Before I continue, I’m going do this:
SPOILER WARNING!! GO WATCH THIS FILM BEFORE CONTINUING!!
Vigilantism is a complex beast. When it comes in the form of a traumatised billionaire with a cape, it’s the most awesome thing ever; when it’s a mob brandishing a noose, it’s much less so. Obviously these are two very different scenarios (and the fact that one is way more plausible than the other may be a big reason in the differing reception), but they both rely on a reaction to crime that everyone can understand, though few would have the gumption to pursue: why doesn’t someone just deal with it now? The Ox-Bow Incident is a film that looks at a story of the latter.
It seems like such an odd notion that both 20th Century Fox and the censors at the Production Code Administration would have such struggle with a film that is effectively a defence of conscience and justice by law. However, The Ox-Bow Incident walks a murky trail to reach its conclusions. Its characters have an idea of justice, of acting for the perceived good, that drives them forward, but it’s the need to act (and quickly) that becomes the most important aspect of their endeavour. And it’s tough to find a character that can really be taken as a moral centre, as someone who can be the example of goodness that everyone follows.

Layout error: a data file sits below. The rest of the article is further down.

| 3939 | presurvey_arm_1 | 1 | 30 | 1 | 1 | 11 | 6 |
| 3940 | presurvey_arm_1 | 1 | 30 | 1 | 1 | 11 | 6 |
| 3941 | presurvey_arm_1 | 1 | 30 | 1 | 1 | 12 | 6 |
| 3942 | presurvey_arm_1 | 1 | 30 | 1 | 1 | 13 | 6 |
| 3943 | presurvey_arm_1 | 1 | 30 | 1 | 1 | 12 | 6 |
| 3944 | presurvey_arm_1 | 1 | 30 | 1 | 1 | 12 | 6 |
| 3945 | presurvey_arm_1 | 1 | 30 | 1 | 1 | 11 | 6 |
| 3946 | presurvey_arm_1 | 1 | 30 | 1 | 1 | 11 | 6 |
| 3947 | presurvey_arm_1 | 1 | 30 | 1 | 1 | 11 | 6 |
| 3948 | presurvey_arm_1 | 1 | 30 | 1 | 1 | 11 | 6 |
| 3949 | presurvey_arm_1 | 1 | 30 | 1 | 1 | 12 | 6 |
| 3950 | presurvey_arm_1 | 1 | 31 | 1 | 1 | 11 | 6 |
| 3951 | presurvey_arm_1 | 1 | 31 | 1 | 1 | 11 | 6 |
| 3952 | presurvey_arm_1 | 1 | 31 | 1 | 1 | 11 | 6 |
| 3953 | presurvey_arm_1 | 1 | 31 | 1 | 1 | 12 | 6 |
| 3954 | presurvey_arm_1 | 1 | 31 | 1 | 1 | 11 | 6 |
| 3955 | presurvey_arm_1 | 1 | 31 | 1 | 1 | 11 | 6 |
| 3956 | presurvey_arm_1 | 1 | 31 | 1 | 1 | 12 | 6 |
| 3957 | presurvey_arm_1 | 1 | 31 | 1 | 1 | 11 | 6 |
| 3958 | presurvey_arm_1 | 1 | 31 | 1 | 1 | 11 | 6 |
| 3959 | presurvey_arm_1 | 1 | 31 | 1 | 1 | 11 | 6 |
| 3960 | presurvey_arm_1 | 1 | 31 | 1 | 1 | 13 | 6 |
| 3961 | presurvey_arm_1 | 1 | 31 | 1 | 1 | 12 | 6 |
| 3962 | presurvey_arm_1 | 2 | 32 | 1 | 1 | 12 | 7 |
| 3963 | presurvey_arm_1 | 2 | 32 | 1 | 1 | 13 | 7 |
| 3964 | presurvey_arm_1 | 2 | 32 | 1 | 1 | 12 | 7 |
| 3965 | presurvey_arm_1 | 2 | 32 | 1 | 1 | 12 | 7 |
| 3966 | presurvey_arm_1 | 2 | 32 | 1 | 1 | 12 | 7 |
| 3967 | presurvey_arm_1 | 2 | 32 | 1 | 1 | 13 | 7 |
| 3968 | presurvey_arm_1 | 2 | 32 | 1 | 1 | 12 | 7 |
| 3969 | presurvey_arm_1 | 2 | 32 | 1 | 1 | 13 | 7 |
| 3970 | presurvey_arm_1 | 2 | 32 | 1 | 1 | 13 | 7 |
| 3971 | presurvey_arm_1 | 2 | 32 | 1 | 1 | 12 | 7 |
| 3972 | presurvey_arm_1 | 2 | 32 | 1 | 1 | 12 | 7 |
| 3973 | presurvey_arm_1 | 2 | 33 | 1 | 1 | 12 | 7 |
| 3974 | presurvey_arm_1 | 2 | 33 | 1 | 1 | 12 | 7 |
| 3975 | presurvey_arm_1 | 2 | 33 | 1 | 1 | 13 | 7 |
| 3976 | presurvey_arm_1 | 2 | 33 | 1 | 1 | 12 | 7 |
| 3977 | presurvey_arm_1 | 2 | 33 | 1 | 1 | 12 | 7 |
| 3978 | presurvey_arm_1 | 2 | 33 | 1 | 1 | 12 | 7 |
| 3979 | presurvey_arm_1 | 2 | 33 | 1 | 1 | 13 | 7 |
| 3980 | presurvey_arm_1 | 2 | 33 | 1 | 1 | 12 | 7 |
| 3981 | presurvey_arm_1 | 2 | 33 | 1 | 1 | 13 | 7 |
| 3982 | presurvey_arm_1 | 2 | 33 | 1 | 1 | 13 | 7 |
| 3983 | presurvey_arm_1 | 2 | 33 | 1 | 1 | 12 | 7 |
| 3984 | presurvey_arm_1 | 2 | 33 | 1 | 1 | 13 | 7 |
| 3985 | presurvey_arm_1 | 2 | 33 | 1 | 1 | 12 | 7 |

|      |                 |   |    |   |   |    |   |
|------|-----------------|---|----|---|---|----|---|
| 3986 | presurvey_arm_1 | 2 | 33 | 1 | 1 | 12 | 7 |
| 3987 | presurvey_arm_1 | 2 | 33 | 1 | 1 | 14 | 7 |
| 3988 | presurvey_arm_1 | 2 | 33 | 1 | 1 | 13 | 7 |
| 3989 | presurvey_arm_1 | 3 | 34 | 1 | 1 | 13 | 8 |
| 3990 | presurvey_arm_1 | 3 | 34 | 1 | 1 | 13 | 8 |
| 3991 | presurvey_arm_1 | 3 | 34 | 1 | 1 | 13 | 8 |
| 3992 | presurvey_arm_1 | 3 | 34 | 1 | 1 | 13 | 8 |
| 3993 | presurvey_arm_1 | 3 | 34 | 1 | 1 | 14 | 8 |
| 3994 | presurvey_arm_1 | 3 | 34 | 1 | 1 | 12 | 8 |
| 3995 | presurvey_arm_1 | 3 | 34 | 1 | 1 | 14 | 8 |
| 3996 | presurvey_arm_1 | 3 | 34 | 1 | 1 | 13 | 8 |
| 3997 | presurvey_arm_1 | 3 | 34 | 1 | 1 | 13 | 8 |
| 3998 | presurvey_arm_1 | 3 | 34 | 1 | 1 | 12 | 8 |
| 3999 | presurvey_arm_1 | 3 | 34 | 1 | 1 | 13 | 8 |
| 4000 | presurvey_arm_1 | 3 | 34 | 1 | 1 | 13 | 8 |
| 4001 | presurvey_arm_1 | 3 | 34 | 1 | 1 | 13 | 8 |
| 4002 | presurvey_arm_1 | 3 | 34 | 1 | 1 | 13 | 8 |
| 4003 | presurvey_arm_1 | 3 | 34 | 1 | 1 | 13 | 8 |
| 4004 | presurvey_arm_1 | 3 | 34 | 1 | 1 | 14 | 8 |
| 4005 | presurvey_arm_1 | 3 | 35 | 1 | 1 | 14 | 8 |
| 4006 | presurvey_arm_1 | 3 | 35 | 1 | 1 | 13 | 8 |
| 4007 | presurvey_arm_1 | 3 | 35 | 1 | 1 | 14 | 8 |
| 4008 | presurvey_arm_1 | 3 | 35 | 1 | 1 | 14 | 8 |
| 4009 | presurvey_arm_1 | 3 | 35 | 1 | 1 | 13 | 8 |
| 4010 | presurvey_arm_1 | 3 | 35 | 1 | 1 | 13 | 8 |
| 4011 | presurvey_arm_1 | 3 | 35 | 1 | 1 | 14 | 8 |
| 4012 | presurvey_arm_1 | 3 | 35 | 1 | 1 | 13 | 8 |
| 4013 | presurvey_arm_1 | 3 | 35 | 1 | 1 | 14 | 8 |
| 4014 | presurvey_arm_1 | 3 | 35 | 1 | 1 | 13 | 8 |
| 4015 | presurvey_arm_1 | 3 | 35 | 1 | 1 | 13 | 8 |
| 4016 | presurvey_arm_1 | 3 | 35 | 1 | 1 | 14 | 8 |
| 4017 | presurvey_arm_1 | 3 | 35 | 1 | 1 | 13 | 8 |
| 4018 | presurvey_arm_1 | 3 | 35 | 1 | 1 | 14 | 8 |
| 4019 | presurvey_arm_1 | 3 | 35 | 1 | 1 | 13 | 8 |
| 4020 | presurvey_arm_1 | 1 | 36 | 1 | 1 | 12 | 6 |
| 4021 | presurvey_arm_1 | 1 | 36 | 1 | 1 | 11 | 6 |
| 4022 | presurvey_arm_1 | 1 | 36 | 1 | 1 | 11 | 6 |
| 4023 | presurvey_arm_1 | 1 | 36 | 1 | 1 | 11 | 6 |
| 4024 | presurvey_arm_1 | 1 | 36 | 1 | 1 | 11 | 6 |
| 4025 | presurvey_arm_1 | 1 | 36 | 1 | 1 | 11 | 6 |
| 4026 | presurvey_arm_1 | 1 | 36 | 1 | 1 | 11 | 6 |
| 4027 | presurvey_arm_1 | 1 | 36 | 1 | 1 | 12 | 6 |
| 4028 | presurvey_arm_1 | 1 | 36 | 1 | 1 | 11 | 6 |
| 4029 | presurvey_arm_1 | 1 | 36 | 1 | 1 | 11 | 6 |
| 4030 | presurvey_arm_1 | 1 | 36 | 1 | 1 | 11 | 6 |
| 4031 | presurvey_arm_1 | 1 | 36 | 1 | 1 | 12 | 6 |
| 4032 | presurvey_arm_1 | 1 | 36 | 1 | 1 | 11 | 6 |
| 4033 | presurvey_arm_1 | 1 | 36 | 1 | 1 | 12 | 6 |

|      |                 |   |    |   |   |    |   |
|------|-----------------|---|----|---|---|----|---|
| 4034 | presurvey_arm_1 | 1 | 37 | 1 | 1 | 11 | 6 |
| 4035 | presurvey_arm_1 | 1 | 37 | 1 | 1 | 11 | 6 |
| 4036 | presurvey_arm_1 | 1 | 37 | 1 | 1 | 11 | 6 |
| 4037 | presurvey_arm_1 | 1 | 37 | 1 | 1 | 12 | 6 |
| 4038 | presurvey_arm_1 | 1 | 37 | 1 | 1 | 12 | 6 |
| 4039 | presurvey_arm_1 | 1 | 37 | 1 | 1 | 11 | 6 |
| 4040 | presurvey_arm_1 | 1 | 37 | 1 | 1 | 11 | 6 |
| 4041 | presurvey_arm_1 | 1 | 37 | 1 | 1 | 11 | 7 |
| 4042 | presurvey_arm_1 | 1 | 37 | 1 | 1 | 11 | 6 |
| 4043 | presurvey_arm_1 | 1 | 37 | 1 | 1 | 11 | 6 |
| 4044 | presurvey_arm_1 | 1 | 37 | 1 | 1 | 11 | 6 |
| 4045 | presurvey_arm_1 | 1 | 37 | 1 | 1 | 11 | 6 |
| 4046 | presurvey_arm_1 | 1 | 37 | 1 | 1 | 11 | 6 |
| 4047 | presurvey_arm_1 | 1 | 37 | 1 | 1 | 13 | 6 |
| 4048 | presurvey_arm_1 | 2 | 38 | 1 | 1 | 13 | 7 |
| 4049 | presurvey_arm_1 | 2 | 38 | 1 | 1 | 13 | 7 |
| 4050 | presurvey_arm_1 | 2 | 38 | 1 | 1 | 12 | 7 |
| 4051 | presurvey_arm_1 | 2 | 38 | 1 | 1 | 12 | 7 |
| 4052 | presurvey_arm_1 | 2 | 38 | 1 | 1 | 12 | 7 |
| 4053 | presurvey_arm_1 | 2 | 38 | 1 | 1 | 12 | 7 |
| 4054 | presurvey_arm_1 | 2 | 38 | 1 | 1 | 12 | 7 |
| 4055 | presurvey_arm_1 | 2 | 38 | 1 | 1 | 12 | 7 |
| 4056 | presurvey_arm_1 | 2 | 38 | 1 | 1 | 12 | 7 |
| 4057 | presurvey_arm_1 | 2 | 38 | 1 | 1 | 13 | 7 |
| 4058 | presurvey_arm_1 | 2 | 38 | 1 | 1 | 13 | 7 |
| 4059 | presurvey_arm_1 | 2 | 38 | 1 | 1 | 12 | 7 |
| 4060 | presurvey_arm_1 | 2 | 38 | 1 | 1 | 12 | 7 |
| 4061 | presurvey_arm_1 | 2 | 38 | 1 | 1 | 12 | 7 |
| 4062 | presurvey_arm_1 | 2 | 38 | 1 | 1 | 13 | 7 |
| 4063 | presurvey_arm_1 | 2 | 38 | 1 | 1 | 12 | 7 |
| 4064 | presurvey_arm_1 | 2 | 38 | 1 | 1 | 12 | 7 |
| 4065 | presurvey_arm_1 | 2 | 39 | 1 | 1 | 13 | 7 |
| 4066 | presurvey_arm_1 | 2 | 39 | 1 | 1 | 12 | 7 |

(Also, note the comment shortly into the video put there by whomever uploaded the clip.)
Setting the scene: The posse is back in the saloon, drinking in silence, clearly having trouble coming to terms with what they have done. After one of their number leaves to deal with his guilt in his own way, Gil tells Art to read the letter their own victim wrote to his wife. Unable to read it, Art declines, so Gil reads it aloud for all to hear…